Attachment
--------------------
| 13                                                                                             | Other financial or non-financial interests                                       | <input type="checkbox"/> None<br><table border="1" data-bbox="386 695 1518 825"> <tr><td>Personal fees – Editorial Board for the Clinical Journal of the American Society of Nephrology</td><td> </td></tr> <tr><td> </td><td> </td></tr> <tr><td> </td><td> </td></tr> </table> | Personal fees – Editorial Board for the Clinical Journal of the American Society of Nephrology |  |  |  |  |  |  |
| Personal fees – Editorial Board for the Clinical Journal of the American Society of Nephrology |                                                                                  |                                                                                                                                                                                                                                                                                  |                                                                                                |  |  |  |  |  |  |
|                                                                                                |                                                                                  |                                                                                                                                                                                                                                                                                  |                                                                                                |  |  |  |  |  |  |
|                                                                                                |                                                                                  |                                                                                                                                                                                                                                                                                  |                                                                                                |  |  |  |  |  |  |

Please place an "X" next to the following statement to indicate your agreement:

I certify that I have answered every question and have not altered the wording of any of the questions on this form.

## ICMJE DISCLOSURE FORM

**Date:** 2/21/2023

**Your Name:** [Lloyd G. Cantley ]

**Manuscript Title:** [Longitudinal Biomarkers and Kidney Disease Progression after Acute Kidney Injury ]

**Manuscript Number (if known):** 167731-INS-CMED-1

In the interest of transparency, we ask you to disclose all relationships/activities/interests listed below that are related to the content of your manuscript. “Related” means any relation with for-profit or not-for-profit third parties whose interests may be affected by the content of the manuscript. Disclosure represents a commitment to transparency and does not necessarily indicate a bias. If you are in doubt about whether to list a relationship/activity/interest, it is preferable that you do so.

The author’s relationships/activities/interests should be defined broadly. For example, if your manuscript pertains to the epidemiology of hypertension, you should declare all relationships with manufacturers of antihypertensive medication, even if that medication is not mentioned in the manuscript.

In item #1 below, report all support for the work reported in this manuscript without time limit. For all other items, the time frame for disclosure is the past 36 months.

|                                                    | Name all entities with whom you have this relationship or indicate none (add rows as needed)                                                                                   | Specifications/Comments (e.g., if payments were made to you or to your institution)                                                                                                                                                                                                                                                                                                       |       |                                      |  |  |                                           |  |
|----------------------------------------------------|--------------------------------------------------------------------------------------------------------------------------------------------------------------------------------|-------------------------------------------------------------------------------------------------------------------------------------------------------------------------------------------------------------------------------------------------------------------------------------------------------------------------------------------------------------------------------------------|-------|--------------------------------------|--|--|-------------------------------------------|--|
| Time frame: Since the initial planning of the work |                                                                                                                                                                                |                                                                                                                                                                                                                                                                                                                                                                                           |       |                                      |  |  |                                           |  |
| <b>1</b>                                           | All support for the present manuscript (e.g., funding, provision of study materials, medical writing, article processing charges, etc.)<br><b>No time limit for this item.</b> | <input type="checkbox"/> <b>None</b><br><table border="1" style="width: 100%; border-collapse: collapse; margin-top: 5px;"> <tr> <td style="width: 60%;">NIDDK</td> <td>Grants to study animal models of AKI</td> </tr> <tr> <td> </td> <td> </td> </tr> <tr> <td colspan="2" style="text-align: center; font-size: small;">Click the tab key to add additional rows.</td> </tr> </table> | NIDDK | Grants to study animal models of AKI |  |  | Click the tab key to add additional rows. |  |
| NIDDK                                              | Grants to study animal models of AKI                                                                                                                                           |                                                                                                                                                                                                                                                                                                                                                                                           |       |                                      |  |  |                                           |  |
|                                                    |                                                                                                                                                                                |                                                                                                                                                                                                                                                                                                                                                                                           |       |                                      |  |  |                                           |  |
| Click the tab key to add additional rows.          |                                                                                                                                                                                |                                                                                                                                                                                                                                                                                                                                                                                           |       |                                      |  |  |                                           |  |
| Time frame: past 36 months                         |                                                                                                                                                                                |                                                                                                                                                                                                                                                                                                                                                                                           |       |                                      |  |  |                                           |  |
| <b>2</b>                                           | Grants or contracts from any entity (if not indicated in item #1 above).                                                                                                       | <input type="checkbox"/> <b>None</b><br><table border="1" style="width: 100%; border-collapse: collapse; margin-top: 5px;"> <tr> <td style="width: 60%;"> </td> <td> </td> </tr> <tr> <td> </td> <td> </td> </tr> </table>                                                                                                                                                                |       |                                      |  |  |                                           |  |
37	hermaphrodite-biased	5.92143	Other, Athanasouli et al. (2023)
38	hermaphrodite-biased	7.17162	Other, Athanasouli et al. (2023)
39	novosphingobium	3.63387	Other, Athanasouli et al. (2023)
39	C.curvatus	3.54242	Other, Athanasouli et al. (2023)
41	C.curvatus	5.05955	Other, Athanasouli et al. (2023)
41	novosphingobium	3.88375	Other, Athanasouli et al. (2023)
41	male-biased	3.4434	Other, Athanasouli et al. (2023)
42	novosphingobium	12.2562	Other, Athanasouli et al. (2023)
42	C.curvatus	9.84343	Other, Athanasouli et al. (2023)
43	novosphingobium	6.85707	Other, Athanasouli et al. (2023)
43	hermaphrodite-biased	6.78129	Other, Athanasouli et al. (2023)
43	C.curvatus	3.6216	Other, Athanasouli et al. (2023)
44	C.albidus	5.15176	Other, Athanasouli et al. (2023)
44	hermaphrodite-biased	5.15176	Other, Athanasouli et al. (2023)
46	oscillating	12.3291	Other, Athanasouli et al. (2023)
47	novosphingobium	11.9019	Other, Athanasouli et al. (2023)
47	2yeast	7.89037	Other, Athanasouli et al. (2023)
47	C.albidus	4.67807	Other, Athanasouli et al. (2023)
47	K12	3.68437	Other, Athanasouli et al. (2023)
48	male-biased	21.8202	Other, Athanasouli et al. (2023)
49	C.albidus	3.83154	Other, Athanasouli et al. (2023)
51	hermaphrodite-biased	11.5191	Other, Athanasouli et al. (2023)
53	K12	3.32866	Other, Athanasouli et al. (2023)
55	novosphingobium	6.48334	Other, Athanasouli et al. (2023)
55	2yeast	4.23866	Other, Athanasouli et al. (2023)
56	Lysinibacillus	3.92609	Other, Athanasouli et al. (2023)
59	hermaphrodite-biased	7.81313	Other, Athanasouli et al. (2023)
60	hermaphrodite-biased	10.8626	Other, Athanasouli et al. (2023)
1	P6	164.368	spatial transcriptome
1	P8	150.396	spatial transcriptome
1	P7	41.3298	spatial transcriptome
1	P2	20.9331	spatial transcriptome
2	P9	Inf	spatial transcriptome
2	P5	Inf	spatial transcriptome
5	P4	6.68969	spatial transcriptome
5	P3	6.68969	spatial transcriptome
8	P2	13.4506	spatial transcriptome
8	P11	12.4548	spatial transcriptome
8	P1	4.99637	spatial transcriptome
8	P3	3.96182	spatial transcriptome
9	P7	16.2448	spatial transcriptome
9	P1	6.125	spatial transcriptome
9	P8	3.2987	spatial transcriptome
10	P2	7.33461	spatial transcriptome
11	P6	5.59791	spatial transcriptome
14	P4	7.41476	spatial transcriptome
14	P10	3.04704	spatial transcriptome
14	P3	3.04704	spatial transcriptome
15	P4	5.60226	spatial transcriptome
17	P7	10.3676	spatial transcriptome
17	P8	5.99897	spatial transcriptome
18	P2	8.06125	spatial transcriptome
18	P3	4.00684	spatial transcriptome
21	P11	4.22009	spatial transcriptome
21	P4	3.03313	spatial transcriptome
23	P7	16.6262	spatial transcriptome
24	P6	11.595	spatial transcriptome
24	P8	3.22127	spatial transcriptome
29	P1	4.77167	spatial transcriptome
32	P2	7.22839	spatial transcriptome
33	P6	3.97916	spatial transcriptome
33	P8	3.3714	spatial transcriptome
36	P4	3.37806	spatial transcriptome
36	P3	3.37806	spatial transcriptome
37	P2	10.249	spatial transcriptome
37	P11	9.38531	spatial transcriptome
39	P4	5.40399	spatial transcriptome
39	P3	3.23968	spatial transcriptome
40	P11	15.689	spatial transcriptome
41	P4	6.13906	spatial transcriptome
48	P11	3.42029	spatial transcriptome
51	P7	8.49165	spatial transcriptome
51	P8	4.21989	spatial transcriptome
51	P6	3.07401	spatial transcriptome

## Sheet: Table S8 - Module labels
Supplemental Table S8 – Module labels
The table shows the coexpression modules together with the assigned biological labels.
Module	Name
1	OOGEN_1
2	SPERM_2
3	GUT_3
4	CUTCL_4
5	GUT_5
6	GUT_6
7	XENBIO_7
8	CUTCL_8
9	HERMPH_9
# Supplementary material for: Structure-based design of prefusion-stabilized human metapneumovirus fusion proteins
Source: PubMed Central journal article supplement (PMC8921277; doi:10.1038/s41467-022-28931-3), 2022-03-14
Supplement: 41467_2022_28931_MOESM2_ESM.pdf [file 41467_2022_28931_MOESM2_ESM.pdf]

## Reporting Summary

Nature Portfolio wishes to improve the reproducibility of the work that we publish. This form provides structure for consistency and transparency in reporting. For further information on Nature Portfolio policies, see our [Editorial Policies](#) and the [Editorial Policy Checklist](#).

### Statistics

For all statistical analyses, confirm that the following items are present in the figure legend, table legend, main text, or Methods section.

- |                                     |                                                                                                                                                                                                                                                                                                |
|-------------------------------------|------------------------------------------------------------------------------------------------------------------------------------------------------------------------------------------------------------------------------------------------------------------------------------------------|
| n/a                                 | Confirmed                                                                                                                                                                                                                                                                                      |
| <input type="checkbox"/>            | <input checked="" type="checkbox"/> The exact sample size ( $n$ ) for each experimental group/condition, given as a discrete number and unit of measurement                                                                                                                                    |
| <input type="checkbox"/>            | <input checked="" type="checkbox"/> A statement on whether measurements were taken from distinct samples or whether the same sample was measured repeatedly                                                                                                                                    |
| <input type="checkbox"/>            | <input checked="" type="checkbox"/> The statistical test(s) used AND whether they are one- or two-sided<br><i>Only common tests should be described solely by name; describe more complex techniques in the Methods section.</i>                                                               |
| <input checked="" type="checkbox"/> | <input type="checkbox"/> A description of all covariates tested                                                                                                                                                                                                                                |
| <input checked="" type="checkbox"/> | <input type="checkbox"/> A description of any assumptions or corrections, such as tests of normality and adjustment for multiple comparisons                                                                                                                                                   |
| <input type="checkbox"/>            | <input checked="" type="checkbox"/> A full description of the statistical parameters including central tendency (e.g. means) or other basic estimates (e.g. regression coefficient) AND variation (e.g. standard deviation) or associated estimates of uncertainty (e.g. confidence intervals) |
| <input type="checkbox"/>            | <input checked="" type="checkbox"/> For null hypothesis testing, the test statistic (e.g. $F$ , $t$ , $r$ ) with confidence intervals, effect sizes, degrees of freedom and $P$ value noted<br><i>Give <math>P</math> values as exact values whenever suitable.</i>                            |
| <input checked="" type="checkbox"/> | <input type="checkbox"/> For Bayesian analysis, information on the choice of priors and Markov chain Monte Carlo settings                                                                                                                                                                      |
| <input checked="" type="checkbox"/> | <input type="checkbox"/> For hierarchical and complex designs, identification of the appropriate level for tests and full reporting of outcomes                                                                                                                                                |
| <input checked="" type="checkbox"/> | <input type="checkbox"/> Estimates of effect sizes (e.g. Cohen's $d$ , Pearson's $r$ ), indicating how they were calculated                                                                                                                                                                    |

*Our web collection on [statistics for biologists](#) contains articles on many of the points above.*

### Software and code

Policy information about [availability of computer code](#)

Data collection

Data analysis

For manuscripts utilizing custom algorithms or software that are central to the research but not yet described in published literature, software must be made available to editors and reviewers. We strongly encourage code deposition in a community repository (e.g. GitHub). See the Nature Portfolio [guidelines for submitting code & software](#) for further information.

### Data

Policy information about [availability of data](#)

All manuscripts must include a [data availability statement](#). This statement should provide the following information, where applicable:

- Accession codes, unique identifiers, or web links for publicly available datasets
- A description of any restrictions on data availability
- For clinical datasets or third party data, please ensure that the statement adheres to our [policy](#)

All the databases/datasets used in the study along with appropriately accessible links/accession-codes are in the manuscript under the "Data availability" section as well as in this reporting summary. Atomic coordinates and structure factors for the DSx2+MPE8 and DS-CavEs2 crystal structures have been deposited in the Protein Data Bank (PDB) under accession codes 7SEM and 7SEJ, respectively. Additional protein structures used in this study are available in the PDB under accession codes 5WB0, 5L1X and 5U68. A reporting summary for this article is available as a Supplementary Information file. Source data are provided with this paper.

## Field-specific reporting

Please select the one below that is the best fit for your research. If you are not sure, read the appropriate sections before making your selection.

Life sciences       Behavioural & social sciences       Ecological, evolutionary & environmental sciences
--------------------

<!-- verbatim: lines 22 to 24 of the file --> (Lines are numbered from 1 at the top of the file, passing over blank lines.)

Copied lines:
| Time frame: past 36 months                         |                                                                                                                                                                                |                                                                                                                                                                                                                                                                                                                                                                                           |       |                                      |  |  |                                           |  |
| <b>2</b>                                           | Grants or contracts from any entity (if not indicated in item #1 above).                                                                                                       | <input type="checkbox"/> <b>None</b><br><table border="1" style="width: 100%; border-collapse: collapse; margin-top: 5px;"> <tr> <td style="width: 60%;"> </td> <td> </td> </tr> <tr> <td> </td> <td> </td> </tr> </table>                                                                                                                                                                |       |                                      |  |  |                                           |  |
37	hermaphrodite-biased	5.92143	Other, Athanasouli et al. (2023)